By using this site you accept the
terms of our Cookie Policy

Yoshitoshi
an online exhibition

You are in: Online Resources > Online Exhibitions > Yoshitoshi > Introduction

Rochishin in a drunken rage smashing the guardian figure at the temple on Five-crested Mountain
Rochishin ransui godaizan kongôjin o uchikowasu no zu

Rochishin

Colour print from woodblocks, with textile printing (nunomezuri) and burnishing (shômenzuri); blackened white lead.
Ôban format vertical diptych.
Block-cutter: Negishi Chokuzan.
Publisher: Matsui Eikichi. 01/09/1887
Keyes 498

Click for larger view [new window]


This subject is from the Chinese novel Shuihu zhuan (The Water Margin), known in Japanese as Suikoden, which tells of the legendary exploits of a group of Chinese brigands during the Northern Song dynasty (1101-26). It was retold in a popular Japanese novel illustrated by Hokusai, and was the subject of Kuniyoshi's first set of warrior prints in 1827. Yoshitoshi had made earlier prints based on Suikoden, including a print in this vertical format published the previous year.

Click here for other Suikoden prints.

After killing a man in a fit of rage, military captain Rotatsu (Lu Da) escaped a death penalty by becoming a monk at a temple on Five-crested Mountain, where he was given the name Kaoshô Rochishin (Lu Zhishen). He was unable to reform his appalling behaviour, and could not be punished because of his violent temper and prodigious strength. One night he staggered back drunk and tried some physical exercises at the temple gate to prove his strength. He accidentally knocked down part of the gate, and in his drunken surprise saw the guardian statue looming above him and attacked it. Rochishin was persuaded to leave the temple shortly afterwards, eventually linking up with his friend and fellow outlaw Rinchû.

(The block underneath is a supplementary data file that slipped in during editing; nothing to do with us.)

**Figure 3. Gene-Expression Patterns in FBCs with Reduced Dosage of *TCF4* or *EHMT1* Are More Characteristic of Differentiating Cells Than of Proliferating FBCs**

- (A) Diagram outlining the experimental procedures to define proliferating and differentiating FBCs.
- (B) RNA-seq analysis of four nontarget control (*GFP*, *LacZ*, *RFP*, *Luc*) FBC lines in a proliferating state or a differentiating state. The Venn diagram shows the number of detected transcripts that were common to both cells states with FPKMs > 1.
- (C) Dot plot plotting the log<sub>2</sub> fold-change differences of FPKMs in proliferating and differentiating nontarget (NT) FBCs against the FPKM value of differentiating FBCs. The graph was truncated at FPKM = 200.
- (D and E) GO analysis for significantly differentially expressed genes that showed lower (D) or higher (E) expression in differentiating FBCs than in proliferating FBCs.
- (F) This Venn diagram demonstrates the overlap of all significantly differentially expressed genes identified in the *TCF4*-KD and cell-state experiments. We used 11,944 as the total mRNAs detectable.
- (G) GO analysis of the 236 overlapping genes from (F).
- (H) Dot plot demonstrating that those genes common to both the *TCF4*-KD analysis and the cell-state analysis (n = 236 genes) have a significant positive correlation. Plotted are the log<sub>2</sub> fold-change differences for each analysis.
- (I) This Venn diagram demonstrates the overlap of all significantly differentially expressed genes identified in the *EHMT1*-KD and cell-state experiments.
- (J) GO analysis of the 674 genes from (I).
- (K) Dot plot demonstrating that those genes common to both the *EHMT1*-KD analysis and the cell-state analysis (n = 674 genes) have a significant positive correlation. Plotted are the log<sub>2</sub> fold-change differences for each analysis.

Kuniyoshi had also made prints portraying Rochishin as a hirsute, muscular figure with cherry-blossom tattoos. Roshishin became known among the Suikoden as 'The Tattooed Monk'. Elaborate tattooing from neck to knee is still popular among Japanese gangsters today.

Click here for other prints with tattoos

Purchased from the Rylands Fund with a contribution from the National Art Collections Fund, 2003
P.27-2003